Engaging youth as leaders in poverty reduction

Posted on August 27, 2022
By Natasha Pei

In 2022, the Communities Ending Poverty network raised the following question: How can we engage youth as leaders in poverty reduction efforts?


aziz-acharki-skateboardStrategies for engaging youth

Communities Ending Poverty members reported having tried several different ways to engage young people in local poverty reduction initiatives. These included:

  • Compensating youth (with funds raised through grants or partners)
  • Focusing on issues that motivate youth (e.g., gardening and other food initiatives)
  • Incorporating fun activities (e.g., swimming or other recreation)
  • Engaging with youth where they’re already engaged (through partner organizations or local associations)

However, several challenges remain in making engagement accessible and sustained, engaging a breadth of youth, and establishing more pathways into leadership roles.


WEBINAR | Youth Leading on Issues that Matter to Them: Climate, Poverty and AffordabilityRecommendations from youth

At Tamarack Institute events on July 20 and 26, 2022, local and national youth leaders shared experiences and advice on how collaboratives could keep improving their youth engagement strategies.

Their recommendations included the following:

1. Clarify Purpose

Engage youth as valued partners and experts of today, not as the leaders of tomorrow. Clarify from the start – What makes youth essential to your initiative?

2. Ask, Don’t Assume

Ask youth how they want to be engaged and what they expect. As experts in their experience, ask for ideas and for their help co-designing the space, don’t assume. A conversation with even just one youth can reveal why they aren’t engaging.

3. Look for Champions

Start by engaging and building trust with one or two youth meaningfully; they can be champions in helping to reach more youth.

4. Build Trust

Youth need to see their elicited opinions actualized in decisions and recommendations. It encourages them to keep coming back.

5. Create Collectivity

Engage a collective of youth so that they have peers to discuss and do the work with (e.g., multiple youth staff, youth advisory group).

6. Support, Don’t Lead

Youth can’t lead if they’re always being led. Unequal power dynamics exist between adults and youth, and youth often feel there’s an adult in a leadership position with more education. Acknowledge power imbalances, mitigate them and create space where adults aren’t ‘in-charge’, but are listening for how youth want to be supported. This includes movements, such as climate change, which can often be adult dominated.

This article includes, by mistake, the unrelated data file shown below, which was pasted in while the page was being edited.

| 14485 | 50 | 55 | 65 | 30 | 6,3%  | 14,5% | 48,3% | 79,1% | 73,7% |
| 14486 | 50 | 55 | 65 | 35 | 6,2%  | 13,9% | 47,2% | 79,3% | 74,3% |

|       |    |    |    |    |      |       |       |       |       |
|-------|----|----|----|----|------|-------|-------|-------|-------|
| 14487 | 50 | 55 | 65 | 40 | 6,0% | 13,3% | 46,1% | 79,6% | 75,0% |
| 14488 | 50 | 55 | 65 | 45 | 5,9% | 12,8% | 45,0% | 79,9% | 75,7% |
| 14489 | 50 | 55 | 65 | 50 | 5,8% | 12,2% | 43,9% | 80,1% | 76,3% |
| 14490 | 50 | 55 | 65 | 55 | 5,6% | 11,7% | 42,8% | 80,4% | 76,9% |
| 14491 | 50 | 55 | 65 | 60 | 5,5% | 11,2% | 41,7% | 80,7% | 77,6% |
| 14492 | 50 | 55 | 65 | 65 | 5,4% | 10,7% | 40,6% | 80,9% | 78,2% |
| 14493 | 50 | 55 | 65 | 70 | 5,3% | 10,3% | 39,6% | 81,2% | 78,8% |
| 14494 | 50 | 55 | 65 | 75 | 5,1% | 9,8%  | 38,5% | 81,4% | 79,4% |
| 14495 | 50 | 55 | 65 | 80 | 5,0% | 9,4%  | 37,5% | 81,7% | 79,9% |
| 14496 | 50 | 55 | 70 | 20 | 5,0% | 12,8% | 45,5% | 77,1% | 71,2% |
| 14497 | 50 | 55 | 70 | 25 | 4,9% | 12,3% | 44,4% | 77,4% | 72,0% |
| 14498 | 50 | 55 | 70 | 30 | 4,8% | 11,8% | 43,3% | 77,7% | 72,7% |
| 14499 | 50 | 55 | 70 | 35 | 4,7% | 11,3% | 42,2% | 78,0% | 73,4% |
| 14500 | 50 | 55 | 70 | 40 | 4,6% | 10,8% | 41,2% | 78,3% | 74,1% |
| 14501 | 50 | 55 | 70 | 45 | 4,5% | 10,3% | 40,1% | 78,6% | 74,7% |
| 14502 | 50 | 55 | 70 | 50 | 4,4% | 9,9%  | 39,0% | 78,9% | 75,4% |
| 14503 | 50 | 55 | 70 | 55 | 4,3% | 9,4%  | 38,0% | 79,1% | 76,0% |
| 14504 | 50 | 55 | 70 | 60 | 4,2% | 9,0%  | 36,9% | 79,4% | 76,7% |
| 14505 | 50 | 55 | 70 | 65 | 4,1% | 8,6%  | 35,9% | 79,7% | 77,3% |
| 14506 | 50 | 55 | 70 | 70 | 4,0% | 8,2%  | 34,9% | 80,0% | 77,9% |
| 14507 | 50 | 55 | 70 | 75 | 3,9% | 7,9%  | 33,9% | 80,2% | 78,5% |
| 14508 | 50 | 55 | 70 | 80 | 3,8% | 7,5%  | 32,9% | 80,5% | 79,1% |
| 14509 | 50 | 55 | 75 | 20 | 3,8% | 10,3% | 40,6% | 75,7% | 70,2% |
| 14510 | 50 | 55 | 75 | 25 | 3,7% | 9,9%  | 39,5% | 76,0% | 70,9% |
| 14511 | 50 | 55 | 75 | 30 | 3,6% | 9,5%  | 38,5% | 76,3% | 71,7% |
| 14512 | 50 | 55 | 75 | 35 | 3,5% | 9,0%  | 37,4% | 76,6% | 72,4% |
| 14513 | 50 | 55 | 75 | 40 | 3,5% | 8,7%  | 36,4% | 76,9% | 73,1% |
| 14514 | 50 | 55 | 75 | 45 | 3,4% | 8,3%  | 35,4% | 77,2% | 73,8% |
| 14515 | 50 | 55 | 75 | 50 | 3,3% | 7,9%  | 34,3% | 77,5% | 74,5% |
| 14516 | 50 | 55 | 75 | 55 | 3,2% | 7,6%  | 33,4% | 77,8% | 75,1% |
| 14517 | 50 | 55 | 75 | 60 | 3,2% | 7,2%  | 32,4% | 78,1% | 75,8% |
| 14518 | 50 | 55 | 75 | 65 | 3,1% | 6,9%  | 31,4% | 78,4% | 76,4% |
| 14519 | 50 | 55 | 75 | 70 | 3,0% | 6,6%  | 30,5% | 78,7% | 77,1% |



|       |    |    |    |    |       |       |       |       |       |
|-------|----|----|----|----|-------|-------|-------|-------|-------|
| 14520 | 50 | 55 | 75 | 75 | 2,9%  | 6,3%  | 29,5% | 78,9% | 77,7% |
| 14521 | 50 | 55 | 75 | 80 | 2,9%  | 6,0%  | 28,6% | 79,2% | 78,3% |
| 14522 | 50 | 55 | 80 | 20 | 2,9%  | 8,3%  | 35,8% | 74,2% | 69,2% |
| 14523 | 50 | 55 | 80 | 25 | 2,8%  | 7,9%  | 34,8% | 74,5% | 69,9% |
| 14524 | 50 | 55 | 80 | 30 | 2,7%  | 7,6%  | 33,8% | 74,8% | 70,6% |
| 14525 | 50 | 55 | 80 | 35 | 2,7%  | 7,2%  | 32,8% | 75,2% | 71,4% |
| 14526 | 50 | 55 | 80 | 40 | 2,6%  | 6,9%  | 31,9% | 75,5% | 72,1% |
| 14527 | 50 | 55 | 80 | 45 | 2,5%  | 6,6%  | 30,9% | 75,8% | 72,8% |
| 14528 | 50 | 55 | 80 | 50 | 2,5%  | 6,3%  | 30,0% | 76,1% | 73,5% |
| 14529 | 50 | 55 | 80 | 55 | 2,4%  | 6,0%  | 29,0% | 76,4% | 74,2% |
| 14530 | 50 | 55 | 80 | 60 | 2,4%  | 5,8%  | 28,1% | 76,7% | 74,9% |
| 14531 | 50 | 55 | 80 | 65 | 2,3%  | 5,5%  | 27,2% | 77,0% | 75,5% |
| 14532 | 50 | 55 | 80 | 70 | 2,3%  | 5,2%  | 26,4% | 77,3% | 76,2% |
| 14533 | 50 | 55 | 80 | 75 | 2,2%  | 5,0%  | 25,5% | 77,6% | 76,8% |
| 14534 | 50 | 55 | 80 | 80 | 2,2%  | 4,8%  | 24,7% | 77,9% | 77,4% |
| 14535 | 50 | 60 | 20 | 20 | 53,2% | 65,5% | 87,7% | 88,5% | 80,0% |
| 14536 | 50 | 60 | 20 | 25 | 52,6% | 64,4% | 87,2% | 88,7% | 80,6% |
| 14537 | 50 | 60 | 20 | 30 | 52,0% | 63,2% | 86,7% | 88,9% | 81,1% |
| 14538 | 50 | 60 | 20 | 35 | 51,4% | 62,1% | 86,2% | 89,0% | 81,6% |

7. Equip

Equip youth with tools and skills to reach their full potential, such as ongoing mentorship opportunities and access to data to support their own advocacy initiatives.

8. Construct psychologically safe spaces

Create a culture in your organization where youth feel comfortable sharing their honest opinions/ideas and while also dissenting at times.

9. Diversify

The most involved/academic/privileged youth are often engaged over and over because they are most likely to hear about opportunities for engagement. Diversify the ways youth can provide feedback with simple methods that reach many people (e.g., frequent school surveys, art). Engagement doesn’t have to be a big commitment.

10. Offer paid pathways

The pathway towards leadership is often unattainable because it is unpaid (e.g., volunteering, co-ops, mentorship) and many youth especially those living on low income choose paid jobs over unpaid career growth opportunities.

11. Keep going

Engage youth this way at the beginning, middle and end of the initiative. It’s important for youth to be engaged throughout the project.


We heard that no matter how advanced collaboratives were in youth engagement, there were still ways they felt they could improve meaningfully engaging with youth.


Take Your Learning Further

More tips for engaging youth can be found by reading or watching the resources below:


Thank you to Webinar and Community of Practice panelists who contributed their knowledge, experience and ideas to this blog post:

Natasha Pei, Poverty Reduction, Racial Equity, Youth Engagement, CRP Blogs, Homepage Blog

Natasha Pei

By Natasha Pei

Natasha Pei brings online content to life and engages our members in the Vibrant Communities learning centre for poverty reduction. Natasha's involvement with Tamarack began with the Communities First: Impacts of Community Engagement (CFICE) project, where she worked as a Research Assistant in the Poverty Reduction Hub, studying effective ways community-campus engagement can be undertaken to have real benefits for the community.

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